Anyway - all is not lost - the fix is quite simple. It's possible to override the default behaviour by specifying an input item. The old mediator used template building block parameters to control this behaviour, and IMNSHO that was a good choice in the context. With the new mediator, you do the same thing by using a processing instruction in the XSLT itself, or specifically by setting an attribute on the PI. In fact, if you look at the documentation, you can combine the two techniques, but that would surely be overkill for this.

So the bottom line is that in a page template, you should have something like this:

<?XsltMediator inputItemName="Page"?>

You may have noticed that I said "should". Yes - really... "should". Then you're clear that you want your page to render the Page item, even if at some point in the future, one of your colleagues decides to add an item called Component to the package. When the default behaviour is as non-obvious as this, it's wise not to rely on the defaults.

This was a public service announcement - or perhaps it was my penance for not spotting sooner what was going on.

Default namespaces (again - this time in XSLT and XPath)

Posted by Dominic Cronin at Sep 07, 2014 02:22 PM |
Filed under: , ,

For a long time, the default XSLT for a Rich Text Format area (RTF) in Tridion began with a fairly standard namespace declaration, like this:

<xsl:stylesheet version="1.0" xmlns:xsl="">
It's very normal to begin an XSLT this way: the XSLT elements are in the namespace referenced by the "xsl" prefix, and you're free to use the default namespace for output that you want to define. In an RTF XSLT, you'll generally want to be outputting HTML elements without a namespace. (Often these HTML fragments will be embedded in a document that gives them a namespace, but that's another story.) Indeed, the document you are transforming will also be without a namespace. (The native storage of an RTF is in the XHTML namespace, but that's removed before the XSLT is invoked.)
So normally, you can write templates with match rules that simply address an HTML element by name - for example:
<xsl:template match="b">

I've just checked on my Tridion 2013 system, and the default RTF XSLT is done in this style, but I've seen examples in the field that use a rather different, and perhaps bizarre style to achieve the same thing. (I have a suspicion that there was a version of Tridion that used this style, or maybe it was something to do with an upgrade that converted to it, but I have no direct evidence. Maybe there's another explanation as to why we see this in the field.)

This other style I'm referring to looks quite different. It starts with a namepace declaration like this:

<stylesheet xmlns="" version="1.0"> 

As you see, the XSLT namespace is used as the default, enabling the template code to be slightly terser. The same template would look like this:

<template match="b">
   <strong xmlns="">

When I first saw this kind of code I was almost pulling my hair out. I actually had to manually execute a test XSLT to prove to myself that it would actually work. And it does.

What was upsetting me? Well was convinced that the match should fail. I mean surely, you'd have to do something like:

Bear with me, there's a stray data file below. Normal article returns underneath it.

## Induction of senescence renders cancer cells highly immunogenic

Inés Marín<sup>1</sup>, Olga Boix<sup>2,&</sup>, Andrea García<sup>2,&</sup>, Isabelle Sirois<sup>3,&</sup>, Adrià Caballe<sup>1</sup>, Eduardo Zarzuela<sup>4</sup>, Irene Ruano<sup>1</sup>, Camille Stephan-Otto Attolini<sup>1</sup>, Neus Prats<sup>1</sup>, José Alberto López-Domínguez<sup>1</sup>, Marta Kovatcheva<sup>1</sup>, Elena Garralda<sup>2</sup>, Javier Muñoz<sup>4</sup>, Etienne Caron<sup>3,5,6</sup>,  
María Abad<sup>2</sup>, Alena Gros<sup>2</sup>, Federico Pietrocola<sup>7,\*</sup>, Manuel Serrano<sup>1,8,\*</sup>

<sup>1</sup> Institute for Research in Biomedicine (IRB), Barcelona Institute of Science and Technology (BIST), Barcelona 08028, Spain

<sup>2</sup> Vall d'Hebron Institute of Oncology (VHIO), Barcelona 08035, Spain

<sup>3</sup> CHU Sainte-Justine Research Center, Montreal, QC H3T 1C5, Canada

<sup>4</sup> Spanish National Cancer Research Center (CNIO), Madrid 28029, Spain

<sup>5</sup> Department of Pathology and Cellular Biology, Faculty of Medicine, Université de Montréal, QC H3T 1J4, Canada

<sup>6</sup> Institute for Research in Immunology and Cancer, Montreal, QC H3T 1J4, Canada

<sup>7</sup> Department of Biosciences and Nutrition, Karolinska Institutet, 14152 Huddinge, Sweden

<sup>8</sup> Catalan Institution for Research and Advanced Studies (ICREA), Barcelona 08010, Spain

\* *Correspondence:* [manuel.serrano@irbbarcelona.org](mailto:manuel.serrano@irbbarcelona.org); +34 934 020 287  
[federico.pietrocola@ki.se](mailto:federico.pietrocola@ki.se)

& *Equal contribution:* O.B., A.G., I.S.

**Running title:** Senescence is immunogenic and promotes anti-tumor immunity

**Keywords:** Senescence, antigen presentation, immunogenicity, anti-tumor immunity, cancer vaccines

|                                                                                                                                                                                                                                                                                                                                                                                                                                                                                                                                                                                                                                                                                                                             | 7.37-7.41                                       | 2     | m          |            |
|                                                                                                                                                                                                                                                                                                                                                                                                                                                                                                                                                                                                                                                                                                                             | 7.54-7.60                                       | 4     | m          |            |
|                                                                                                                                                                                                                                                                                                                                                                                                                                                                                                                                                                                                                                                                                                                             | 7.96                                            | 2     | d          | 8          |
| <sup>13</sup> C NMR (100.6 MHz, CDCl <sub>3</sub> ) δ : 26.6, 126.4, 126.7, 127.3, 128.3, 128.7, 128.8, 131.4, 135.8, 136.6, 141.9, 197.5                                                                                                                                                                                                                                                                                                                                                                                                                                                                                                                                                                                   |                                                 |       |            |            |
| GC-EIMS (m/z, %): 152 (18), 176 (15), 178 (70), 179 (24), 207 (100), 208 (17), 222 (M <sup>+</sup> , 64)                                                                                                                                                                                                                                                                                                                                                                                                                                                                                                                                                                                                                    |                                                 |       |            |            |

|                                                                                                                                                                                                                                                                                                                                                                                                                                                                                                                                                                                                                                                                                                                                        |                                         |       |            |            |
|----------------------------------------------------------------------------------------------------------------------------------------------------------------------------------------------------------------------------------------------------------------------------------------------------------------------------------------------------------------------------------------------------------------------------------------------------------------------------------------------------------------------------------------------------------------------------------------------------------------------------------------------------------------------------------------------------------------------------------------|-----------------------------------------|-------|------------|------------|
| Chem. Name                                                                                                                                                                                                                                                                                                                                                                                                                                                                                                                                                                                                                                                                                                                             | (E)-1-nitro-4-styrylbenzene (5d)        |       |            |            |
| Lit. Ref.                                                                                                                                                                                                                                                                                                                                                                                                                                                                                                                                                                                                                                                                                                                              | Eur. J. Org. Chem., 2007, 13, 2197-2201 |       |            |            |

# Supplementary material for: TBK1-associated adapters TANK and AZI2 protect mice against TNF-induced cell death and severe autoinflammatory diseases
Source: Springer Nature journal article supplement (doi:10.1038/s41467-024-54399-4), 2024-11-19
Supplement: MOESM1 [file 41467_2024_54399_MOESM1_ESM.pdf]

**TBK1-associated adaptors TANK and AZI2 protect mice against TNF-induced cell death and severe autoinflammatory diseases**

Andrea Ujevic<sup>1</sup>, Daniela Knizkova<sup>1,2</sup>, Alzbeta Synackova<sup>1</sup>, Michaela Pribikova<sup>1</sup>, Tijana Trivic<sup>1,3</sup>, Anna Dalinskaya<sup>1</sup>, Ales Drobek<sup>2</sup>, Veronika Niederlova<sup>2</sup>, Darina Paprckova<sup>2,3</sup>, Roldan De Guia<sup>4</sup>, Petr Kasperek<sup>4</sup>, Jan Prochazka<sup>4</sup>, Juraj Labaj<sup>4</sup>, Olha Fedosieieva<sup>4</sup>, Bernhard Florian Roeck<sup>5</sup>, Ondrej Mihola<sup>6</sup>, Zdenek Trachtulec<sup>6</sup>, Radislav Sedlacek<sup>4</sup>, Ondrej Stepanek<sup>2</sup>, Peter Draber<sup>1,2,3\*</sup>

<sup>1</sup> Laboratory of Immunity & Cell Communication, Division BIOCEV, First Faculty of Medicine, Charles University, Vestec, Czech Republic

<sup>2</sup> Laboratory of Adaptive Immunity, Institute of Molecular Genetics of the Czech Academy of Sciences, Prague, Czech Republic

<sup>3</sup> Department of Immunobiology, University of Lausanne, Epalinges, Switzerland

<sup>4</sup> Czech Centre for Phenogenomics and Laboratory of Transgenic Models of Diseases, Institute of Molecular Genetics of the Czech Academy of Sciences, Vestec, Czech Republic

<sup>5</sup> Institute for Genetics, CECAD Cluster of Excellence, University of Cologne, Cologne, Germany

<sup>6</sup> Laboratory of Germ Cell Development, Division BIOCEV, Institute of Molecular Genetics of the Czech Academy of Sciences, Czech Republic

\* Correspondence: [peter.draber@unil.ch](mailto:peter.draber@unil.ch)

<template match="empty:b" xmlns:empty="">
   <strong xmlns="">
See what I mean? That b shouldn't match.... right?
Well anyway - it turns out I was wrong. XSLT has explicit provision for this case. Looking at the recommendation for XSLT, we see this:

the set of namespace declarations are those in scope on the element which has the attribute in which the expression occurs; this includes the implicit declaration of the prefix xml required by the the XML Namespaces Recommendation [XML Names]; the default namespace (as declared by xmlns) is not part of this set

So XSLT doesn't let the XPath see the default namespace, but it wouldn't matter, because XPath would ignore it: From the XPath recommendation:

A QName in the node test is expanded into an expanded-name using the namespace declarations from the expression context. This is the same way expansion is done for element type names in start and end-tags except that the default namespace declared with xmlns is not used: if the QName does not have a prefix, then the namespace URI is null (this is the same way attribute names are expanded).

So in an XSLT, the normal namespace weirdness that we're used to for attributes applies to elements as well.

Well, that explains that then. I think I'll be sticking to the more conventional approach though.

A poor man's Component synchroniser - or using the .NET framework to run XSLT from the PowerShell

Posted by Dominic Cronin at Aug 12, 2012 07:10 PM |

Just lately, I've been doing some work on porting the old Component Synchroniser power tool to the current version of Tridion. If you are familiar with the original implementation, you might know that it is based on a pretty advanced XSLT transformation (thankfully, that's not the part that needs porting), that pulls in data about the fields specified by the schema (including recursive evaluation of embedded schemas), and ensures that the component data is valid in terms of the schema. Quite often on an upgrade or migration project, any schema changes can be dealt with well enough by this approach, but sometimes you need to write a custom transformation to get your old component data to match the changes you've made in your schema. For example, the generic component synchroniser will remove any data that no longer has a field, but if you add a new field that needs to be populated on the basis of one of the old fields, you'll be reaching for your favourite XSLT editor and knocking up a migration transform.